Fact Posts: How and Why

The most use­ful think­ing skill I’ve taught my­self, which I think should be more widely prac­ticed, is writ­ing what I call “fact posts.” I write a bunch of these on my blog. (I write fact posts about preg­nancy and child­birth here.)

To write a fact post, you start with an em­piri­cal ques­tion, or a gen­eral topic. Some­thing like “How com­mon are hate crimes?” or “Are epi­du­rals re­ally dan­ger­ous?” or “What causes man­u­fac­tur­ing job loss?”

It’s okay if this is a topic you know very lit­tle about. This is an ex­er­cise in origi­nal see­ing and show­ing your rea­son­ing, not find­ing the offi­cial last word on a topic or do­ing the best anal­y­sis in the world.

Then you open up a Google doc and start tak­ing notes.

You look for quan­ti­ta­tive data from con­ven­tion­ally re­li­able sources. CDC data for in­ci­dences of dis­eases and other health risks in the US; WHO data for global health is­sues; Bureau of La­bor Statis­tics data for US em­ploy­ment; and so on. Pub­lished sci­en­tific jour­nal ar­ti­cles, es­pe­cially from rep­utable jour­nals and large ran­dom­ized stud­ies.

You ex­plic­itly do not look for opinion, even ex­pert opinion. You avoid news, and you’re wary of think-tank white pa­pers. You’re look­ing for raw in­for­ma­tion. You are tak­ing a sola scrip­tura ap­proach, for bet­ter and for worse.

And then you start let­ting the data show you things.

You see things that are sur­pris­ing or odd, and you note that.

You see facts that seem to be in­con­sis­tent with each other, and you look into the data sources and method­ol­ogy un­til you clear up the mys­tery.

You ori­ent to­wards the ran­dom, the un­fa­mil­iar, the things that are to­tally un­fa­mil­iar to your ex­pe­rience. One of the ma­jor ex­ports of Ger­many is valves? When was the last time I even thought about valves? Why valves, what do you use valves in? OK, show me a list of all the differ­ent kinds of ma­chine parts, by per­cent of to­tal ex­ports.

And so, you dig in a lit­tle bit, to this part of the world that you hadn’t looked at be­fore. You cul­ti­vate the abil­ity to spin up a lightweight sort of fan­nish ob­ses­sive cu­ri­os­ity when some­thing seems like it might be a big deal.

And you take ca­sual notes and im­pres­sions (though keep­ing track of all the num­bers and their sources in your notes).

You do a lit­tle bit of ar­ith­metic to com­pare things to fa­mil­iar refer­ence points. How does this source of risk com­pare to the risk of smok­ing or go­ing horse­back rid­ing? How does the effect size of this drug com­pare to the effect size of psy­chother­apy?

You don’t re­ally want to do statis­tics. You might take per­cents, means, stan­dard de­vi­a­tions, maybe a Co­hen’s d here and there, but noth­ing fancy. You’re just try­ing to figure out what’s go­ing on.

It’s of­ten a good idea to rank things by raw scale. What is re­spon­si­ble for the bulk of deaths, the bulk of money moved, etc? What is big? Then pay at­ten­tion more to things, and ask more ques­tions about things, that are big. (Or dis­pro­por­tionately high-im­pact.)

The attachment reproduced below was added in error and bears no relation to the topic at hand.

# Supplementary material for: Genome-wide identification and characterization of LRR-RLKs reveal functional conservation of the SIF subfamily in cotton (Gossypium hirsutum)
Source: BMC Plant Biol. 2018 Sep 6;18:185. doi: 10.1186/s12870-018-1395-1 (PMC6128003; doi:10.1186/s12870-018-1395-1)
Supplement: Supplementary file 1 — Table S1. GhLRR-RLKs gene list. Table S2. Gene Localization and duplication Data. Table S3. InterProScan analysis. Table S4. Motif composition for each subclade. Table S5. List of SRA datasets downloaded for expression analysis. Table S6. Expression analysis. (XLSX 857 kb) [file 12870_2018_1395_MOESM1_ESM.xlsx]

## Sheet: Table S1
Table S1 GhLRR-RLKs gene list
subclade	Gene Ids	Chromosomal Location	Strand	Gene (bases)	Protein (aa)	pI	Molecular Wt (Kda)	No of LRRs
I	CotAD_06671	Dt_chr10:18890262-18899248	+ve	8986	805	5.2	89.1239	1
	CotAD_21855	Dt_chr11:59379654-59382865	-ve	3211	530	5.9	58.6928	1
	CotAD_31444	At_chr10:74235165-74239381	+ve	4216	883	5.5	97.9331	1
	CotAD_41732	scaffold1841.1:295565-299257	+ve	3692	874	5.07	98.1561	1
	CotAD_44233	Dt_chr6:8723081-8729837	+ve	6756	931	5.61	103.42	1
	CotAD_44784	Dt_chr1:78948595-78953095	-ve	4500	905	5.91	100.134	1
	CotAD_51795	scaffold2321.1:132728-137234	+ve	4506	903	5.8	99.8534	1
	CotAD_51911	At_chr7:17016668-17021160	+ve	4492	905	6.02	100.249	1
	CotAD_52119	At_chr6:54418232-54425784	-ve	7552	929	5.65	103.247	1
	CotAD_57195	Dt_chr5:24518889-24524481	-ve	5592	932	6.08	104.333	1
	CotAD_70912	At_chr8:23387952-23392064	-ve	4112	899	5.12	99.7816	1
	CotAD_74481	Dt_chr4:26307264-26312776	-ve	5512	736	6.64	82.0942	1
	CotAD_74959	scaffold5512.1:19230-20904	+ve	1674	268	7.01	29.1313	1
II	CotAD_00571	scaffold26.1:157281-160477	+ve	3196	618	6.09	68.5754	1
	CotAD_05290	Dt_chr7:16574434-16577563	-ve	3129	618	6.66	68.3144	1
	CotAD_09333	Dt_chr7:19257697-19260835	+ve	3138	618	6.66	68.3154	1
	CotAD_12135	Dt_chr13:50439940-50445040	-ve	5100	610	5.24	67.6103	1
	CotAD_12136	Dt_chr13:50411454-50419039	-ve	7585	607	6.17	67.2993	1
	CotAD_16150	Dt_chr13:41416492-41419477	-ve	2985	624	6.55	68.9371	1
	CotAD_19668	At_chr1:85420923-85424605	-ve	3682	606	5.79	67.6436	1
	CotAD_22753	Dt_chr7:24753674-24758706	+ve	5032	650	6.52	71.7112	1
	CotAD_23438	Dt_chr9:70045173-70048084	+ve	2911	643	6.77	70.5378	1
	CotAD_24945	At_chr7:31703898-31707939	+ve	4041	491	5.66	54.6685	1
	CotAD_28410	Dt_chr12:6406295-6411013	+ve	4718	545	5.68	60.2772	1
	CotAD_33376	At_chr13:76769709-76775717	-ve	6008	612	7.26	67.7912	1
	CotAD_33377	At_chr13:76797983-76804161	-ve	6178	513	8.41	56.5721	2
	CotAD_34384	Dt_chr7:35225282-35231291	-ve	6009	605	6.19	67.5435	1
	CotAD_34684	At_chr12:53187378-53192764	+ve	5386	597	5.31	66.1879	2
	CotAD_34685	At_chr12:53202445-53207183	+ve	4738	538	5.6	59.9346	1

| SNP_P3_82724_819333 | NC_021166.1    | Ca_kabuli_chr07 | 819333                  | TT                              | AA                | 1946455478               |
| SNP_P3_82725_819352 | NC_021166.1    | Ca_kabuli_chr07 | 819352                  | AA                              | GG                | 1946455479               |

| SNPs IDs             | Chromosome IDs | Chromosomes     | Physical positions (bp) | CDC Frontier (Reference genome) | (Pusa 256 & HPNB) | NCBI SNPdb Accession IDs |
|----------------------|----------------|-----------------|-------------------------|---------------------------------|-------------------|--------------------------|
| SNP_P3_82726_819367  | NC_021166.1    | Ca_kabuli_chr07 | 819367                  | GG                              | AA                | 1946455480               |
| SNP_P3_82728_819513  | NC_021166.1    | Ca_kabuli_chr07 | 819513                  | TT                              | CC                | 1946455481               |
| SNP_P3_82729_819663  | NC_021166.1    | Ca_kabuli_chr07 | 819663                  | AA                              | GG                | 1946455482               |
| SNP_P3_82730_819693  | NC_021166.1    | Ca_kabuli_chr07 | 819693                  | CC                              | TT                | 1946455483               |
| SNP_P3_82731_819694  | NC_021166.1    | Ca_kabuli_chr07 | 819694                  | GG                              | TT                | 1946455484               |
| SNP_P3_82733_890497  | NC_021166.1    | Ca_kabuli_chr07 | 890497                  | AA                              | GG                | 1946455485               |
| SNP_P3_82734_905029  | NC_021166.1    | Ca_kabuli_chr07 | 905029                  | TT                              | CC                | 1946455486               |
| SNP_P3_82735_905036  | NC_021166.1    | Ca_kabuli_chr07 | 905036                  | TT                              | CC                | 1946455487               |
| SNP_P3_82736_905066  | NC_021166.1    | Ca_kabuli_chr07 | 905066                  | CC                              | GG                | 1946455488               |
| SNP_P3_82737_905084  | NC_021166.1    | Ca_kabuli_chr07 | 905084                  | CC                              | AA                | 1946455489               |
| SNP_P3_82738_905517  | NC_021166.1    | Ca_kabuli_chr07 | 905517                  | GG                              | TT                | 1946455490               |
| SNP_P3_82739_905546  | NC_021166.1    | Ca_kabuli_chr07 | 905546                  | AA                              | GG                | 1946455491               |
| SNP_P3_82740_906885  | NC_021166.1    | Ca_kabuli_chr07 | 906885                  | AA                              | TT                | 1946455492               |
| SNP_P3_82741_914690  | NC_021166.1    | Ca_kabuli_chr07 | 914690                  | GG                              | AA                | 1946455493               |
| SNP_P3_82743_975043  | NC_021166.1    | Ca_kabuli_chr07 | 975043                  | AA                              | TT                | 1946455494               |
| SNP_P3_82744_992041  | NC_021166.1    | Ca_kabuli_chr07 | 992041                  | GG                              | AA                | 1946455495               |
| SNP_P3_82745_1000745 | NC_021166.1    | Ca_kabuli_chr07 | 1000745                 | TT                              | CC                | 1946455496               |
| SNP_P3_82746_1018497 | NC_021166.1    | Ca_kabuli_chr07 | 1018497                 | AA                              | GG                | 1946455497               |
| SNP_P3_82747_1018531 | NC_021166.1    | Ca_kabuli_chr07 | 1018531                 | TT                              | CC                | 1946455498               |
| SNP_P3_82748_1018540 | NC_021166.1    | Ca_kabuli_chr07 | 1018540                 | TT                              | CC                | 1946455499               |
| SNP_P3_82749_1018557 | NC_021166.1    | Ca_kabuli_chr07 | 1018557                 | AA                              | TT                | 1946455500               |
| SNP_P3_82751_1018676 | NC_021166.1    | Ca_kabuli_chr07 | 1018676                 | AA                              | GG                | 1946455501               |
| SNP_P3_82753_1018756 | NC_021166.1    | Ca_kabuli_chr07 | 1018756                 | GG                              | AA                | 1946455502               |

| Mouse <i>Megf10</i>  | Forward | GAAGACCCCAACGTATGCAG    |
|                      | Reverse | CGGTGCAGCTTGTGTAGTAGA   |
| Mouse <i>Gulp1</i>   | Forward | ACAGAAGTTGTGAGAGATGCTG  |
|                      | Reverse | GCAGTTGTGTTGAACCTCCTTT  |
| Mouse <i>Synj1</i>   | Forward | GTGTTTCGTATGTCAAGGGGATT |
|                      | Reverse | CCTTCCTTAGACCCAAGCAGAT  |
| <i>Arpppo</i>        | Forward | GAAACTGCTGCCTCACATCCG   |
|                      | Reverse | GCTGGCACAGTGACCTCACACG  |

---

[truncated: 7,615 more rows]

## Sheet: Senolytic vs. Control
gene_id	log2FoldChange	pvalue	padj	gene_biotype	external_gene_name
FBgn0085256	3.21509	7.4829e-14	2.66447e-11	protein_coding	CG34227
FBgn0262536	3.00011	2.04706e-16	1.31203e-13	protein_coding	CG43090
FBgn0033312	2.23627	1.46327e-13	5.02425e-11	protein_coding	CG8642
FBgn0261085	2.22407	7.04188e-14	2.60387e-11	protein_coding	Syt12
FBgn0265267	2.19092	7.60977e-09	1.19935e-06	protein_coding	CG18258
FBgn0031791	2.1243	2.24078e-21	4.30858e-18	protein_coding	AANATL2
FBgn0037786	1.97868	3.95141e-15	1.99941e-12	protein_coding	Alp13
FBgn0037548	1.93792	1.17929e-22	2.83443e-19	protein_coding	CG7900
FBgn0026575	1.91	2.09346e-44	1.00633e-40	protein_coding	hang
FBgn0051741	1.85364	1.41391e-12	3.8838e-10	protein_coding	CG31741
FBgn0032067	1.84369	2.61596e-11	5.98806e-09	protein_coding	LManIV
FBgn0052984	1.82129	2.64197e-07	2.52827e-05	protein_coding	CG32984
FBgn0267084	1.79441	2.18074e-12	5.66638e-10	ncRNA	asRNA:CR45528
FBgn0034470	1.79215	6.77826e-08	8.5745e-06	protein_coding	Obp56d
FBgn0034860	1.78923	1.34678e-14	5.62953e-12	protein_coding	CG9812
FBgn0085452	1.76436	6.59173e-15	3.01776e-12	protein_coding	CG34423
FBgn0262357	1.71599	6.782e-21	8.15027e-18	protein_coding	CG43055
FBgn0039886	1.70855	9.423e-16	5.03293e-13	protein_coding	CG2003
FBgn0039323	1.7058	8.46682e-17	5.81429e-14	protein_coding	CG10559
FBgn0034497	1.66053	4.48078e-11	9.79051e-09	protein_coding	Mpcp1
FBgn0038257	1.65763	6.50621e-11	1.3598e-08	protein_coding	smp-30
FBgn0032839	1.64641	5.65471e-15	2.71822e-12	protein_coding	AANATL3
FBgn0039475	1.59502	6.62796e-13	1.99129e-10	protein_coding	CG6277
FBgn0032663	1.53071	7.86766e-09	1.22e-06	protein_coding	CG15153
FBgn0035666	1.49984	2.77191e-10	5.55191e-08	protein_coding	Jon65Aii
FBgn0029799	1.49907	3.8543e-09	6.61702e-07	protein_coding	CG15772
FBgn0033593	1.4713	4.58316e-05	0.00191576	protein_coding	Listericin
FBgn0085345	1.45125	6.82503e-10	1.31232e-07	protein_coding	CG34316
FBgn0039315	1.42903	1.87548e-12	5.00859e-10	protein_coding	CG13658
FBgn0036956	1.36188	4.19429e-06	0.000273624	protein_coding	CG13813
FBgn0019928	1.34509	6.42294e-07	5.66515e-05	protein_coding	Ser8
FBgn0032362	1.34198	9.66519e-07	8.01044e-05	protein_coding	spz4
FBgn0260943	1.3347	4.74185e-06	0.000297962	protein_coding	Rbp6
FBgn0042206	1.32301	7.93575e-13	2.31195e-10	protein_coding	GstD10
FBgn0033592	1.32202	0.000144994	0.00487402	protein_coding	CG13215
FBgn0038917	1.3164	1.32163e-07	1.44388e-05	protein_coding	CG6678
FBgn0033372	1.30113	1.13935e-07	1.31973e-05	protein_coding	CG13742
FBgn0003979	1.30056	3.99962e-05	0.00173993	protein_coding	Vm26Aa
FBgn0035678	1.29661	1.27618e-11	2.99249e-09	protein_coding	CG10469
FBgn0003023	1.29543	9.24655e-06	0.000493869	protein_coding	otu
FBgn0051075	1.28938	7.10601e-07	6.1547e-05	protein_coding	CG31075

You may find that this pro­cess gives you con­trar­ian be­liefs, but of­ten you won’t, you’ll just have a strongly fact-based as­sess­ment of why you be­lieve the usual thing.

There’s a qual­ity of or­di­nar­i­ness about fact-based be­liefs. It’s not that they’re never sur­pris­ing—they of­ten are. But if you do fact-check­ing fre­quently enough, you be­gin to have a sense of the world over­all that stays in place, even as you dis­cover new facts, in­stead of swing­ing wildly around at ev­ery new stim­u­lus. For ex­am­ple, af­ter do­ing lots and lots of read­ing of the biomed­i­cal liter­a­ture, I have sort of a “sense of the world” of biomed­i­cal sci­ence—what sorts of things I ex­pect to see, and what sorts of things I don’t. My “sense of the world” isn’t that the world it­self is bor­ing—I ac­tu­ally be­lieve in a world rich in dis­cov­er­ies and low-hang­ing fruit—but the sense it­self has sta­bi­lized, feels like “yeah, that’s how things are” rather than “omg what is even go­ing on.”

In ar­eas where I’m less fa­mil­iar, I feel more like “omg what is even go­ing on”, which some­times mo­ti­vates me to go ac­cu­mu­late facts.

Once you’ve ac­cu­mu­lated a bunch of facts, and they’ve “spo­ken to you” with some con­clu­sions or an­swers to your ques­tion, you write them up on a blog, so that other peo­ple can check your rea­son­ing. If your mind gets changed, or you learn more, you write a fol­low-up post. You should, on any topic where you con­tinue to learn over time, feel em­bar­rassed by the naivety of your early posts. This is fine. This is how learn­ing works.

The ad­van­tage of fact posts is that they give you the abil­ity to form in­de­pen­dent opinions based on ev­i­dence. It’s a sort of prac­tice of the skill of see­ing. They likely aren’t the op­ti­mal way to get the most ac­cu­rate be­liefs—listen­ing to the best ex­perts would al­most cer­tainly be bet­ter—but you, per­son­ally, may not know who the best ex­perts are, or may be over­whelmed by the swirl of con­tro­versy. Fact posts give you a rel­a­tively low-effort way of com­ing to in­formed opinions. They make you into the prover­bial ‘ed­u­cated lay­man.’

Be­ing an ‘ed­u­cated lay­man’ makes you much more fer­tile in gen­er­at­ing ideas, for re­search, busi­ness, fic­tion, or any­thing else. Hav­ing facts float­ing around in your head means you’ll nat­u­rally think of prob­lems to solve, ques­tions to ask, op­por­tu­ni­ties to fix things in the world, ap­pli­ca­tions for your tech­ni­cal skills.

Ideally, a group of peo­ple writ­ing fact posts on re­lated top­ics, could learn from each other, and share how they think. I have the strong in­tu­ition that this is valuable. It’s a bit more ac­tive than a “jour­nal club”, and quite a bit more ca­sual than “re­search”. It’s just the ac­tivity of learn­ing and show­ing one’s work in pub­lic.